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 Table of Contents     
Year : 2020  |  Volume : 16  |  Issue : 1  |  Page : 83-86

Laparoscopic repair of a combined transmesocolic, transomental hernia

1 Department of General Surgery, Hinduja Hospital, Mumbai, Maharashtra, India
2 Department of Minimal Access Surgery, Hinduja Hospital, Mumbai, Maharashtra, India

Date of Submission23-Sep-2018
Date of Acceptance21-Dec-2018
Date of Web Publication20-Dec-2019

Correspondence Address:
Dr. Deepraj .S. Bhandarkar
Department of Minimal Access Surgery, Room 2103, Hinduja Hospital, Veer Savarkar Road, Mahim, Mumbai - 400 016, Maharashtra
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Source of Support: None, Conflict of Interest: None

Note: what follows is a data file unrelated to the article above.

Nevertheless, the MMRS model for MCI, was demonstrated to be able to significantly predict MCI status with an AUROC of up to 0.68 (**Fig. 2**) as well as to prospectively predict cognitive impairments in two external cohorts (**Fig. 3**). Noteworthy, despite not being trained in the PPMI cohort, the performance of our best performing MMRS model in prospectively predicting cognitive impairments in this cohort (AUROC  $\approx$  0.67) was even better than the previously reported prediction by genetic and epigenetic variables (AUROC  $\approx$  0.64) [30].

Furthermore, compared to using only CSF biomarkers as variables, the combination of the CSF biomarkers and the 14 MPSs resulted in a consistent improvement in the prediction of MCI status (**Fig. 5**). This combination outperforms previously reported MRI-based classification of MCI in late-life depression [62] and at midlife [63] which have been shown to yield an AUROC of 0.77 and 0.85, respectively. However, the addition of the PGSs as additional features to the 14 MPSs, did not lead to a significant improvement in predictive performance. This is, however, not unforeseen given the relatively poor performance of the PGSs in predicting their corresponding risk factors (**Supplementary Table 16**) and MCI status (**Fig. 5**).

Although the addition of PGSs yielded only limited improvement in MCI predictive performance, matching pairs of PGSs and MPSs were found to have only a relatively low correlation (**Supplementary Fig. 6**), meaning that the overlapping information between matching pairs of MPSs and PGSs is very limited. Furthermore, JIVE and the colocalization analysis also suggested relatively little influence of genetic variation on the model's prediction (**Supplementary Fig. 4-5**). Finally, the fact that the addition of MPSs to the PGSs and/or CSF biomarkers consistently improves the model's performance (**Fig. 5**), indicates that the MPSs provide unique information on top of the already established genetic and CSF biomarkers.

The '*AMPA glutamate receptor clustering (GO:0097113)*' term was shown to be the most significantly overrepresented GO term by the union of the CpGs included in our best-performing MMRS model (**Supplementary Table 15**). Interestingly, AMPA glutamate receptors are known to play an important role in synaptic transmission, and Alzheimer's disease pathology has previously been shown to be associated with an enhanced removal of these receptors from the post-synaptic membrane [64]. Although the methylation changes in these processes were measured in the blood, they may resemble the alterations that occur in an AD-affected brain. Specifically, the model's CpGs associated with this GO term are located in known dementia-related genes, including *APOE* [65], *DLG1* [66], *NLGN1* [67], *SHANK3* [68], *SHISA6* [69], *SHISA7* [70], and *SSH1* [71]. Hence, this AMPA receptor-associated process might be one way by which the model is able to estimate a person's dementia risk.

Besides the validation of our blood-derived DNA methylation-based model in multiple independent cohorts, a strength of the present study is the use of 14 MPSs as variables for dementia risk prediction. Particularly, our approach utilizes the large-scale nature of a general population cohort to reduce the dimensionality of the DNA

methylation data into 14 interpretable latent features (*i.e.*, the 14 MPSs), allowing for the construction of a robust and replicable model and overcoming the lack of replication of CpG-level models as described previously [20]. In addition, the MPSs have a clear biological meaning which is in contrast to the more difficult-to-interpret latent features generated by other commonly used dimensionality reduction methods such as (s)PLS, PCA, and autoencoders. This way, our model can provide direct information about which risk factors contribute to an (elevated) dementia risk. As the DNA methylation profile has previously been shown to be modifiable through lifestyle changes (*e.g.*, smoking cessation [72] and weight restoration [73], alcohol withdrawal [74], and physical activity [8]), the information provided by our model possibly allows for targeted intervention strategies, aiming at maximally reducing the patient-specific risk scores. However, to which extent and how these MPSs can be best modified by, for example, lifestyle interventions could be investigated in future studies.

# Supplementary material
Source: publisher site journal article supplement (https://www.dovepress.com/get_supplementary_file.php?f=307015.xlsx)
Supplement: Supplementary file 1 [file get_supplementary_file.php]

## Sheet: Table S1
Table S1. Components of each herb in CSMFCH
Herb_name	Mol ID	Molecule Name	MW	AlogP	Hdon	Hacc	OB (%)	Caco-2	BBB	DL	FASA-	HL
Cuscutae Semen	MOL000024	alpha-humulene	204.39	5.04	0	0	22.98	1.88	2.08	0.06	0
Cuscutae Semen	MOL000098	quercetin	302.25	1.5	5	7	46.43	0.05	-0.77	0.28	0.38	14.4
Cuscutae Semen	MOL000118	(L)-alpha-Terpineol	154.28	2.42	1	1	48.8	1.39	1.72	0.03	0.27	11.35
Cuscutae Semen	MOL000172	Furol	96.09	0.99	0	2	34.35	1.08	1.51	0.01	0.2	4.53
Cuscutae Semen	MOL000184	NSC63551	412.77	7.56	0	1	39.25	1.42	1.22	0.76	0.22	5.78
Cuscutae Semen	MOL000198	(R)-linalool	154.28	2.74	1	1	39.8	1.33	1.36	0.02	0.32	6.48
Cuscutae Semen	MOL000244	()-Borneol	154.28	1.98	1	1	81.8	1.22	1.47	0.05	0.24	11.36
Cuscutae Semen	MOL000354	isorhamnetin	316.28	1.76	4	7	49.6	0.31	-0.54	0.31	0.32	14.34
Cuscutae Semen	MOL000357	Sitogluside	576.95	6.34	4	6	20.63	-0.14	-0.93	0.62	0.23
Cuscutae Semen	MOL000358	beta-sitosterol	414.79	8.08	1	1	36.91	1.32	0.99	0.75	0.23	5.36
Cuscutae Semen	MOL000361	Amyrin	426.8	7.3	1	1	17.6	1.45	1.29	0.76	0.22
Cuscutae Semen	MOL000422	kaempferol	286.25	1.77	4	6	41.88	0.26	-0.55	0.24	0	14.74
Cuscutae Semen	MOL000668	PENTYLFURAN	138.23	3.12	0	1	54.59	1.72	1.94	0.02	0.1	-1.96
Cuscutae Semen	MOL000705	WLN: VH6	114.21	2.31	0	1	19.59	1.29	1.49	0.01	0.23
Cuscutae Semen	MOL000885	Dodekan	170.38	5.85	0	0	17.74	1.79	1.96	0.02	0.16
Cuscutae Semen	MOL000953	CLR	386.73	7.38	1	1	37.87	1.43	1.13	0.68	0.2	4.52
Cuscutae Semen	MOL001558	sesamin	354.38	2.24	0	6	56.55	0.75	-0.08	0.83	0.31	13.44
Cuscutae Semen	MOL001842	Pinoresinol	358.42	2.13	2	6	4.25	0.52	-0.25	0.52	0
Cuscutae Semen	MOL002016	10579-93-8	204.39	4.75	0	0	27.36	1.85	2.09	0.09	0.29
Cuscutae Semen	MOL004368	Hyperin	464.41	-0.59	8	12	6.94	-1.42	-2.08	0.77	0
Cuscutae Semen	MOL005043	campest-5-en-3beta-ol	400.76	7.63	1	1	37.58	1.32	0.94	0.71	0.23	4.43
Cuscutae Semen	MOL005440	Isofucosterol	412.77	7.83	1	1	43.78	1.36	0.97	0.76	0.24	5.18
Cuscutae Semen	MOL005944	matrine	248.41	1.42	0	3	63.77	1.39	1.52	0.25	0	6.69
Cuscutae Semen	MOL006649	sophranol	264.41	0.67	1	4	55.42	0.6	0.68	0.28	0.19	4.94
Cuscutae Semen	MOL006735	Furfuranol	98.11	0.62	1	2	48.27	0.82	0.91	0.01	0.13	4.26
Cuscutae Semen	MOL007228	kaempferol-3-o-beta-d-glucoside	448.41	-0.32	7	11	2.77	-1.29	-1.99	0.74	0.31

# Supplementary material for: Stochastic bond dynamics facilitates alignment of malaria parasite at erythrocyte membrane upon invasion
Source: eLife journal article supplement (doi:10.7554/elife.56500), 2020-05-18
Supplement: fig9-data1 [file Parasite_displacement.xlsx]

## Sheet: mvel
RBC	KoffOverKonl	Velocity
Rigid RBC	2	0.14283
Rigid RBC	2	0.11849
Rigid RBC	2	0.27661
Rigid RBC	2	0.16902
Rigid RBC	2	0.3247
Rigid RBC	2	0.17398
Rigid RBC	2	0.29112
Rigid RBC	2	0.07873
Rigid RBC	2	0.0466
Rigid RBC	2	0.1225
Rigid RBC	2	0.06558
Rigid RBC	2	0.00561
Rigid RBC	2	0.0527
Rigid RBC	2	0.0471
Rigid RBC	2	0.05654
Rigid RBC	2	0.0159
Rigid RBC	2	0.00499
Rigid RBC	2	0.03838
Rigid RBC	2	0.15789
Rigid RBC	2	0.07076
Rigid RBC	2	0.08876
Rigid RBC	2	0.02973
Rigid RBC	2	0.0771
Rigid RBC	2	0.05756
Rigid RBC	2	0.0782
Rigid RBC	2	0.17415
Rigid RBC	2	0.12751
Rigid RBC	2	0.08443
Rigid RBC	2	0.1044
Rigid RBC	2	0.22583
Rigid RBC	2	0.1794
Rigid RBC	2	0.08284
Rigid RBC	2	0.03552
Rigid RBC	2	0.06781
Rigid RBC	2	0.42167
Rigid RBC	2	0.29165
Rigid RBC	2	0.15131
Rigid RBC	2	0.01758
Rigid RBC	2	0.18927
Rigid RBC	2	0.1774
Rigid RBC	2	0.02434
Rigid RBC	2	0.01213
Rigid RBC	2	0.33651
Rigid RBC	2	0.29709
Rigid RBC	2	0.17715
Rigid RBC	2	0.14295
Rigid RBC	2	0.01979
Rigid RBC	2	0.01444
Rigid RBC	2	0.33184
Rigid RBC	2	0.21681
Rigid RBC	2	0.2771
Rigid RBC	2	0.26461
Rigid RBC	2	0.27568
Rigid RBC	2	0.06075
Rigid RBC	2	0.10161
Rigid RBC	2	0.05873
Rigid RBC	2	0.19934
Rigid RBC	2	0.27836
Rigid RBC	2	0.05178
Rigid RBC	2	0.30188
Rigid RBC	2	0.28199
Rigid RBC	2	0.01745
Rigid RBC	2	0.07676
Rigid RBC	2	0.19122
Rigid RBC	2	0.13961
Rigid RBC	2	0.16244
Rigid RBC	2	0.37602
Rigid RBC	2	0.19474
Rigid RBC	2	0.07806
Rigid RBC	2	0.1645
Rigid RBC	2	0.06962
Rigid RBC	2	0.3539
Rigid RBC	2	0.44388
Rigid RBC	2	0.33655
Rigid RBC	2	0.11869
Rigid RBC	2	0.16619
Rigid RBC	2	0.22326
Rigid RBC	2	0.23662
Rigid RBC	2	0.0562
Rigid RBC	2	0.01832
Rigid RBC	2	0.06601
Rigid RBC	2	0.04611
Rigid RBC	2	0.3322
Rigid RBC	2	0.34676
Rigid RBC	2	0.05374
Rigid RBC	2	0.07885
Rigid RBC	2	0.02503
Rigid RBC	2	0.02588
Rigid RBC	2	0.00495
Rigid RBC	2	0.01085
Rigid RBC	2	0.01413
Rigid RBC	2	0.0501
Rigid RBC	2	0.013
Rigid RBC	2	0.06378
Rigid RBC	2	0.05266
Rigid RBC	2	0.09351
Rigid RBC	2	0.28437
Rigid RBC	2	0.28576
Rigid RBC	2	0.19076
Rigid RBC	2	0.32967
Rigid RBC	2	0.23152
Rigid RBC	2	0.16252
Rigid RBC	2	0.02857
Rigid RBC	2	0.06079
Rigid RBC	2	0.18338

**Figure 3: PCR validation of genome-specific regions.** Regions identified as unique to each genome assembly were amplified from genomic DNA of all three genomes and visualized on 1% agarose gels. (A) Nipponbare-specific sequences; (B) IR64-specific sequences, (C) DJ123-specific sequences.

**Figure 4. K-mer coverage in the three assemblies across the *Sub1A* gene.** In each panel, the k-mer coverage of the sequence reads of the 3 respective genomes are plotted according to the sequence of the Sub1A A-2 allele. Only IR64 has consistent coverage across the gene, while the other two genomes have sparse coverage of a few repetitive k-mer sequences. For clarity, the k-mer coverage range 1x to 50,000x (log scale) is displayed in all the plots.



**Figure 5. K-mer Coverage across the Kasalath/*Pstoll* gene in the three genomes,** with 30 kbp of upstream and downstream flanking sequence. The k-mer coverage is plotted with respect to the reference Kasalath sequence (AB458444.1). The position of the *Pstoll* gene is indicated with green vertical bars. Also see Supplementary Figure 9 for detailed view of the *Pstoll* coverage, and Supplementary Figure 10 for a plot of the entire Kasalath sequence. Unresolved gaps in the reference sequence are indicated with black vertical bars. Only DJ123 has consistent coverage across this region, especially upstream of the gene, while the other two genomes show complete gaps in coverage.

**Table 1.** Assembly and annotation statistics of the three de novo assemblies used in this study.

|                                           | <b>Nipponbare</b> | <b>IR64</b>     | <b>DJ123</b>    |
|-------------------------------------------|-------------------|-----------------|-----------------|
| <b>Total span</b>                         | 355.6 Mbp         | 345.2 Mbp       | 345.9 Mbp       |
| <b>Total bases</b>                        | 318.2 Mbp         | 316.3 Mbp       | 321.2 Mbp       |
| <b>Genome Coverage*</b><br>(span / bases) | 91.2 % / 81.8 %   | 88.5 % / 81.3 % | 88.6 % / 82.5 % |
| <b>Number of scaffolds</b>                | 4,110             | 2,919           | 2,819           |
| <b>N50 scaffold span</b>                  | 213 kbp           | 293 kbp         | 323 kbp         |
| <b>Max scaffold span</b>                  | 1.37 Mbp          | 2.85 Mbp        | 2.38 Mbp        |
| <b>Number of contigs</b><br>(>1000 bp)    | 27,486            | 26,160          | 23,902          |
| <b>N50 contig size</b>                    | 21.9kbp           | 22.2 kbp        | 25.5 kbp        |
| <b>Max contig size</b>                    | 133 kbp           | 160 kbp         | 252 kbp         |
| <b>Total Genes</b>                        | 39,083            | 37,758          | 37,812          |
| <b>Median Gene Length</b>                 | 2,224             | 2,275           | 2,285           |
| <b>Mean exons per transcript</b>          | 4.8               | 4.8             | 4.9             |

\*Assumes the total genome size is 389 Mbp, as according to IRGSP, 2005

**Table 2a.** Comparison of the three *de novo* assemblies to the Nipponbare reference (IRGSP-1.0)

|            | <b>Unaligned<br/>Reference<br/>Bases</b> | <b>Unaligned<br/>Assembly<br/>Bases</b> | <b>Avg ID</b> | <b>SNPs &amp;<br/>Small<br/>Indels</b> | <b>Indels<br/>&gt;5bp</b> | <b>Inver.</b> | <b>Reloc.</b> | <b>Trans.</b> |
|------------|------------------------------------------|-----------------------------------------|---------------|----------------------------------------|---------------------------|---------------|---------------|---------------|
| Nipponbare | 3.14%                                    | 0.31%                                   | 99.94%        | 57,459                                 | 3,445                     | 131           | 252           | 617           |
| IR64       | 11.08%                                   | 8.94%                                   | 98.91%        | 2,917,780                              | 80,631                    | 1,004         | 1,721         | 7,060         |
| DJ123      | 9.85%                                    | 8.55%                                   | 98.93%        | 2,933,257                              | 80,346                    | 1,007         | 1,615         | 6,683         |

DOI: 10.4103/jmas.JMAS_244_18

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 ¤ Abstract 

Transmesocolic and transomental hernias (TOHs) are rare types of internal hernia. Both these hernias occurring concurrently in a patient are even rarer. We report a patient with signs of recurrent small-bowel obstruction who was found to have a dual transmesocolic, TOH. Computed tomography imaging and subsequent laparoscopic exploration identified small-bowel loops passing through a defect in the transverse mesocolon behind the stomach to emerge through the gastrohepatic omentum. This was treated successfully by laparoscopy. To the best of our knowledge, this is the first reported case of a combined transmesocolic, TOH undergoing successful laparoscopic repair.

Keywords: Internal hernia, laparoscopy, transmesocolic, transomental

How to cite this article:
Kulkarni G., Premchandani D, Chitnis A, Katara A, Bhandarkar D.. Laparoscopic repair of a combined transmesocolic, transomental hernia. J Min Access Surg 2020;16:83-6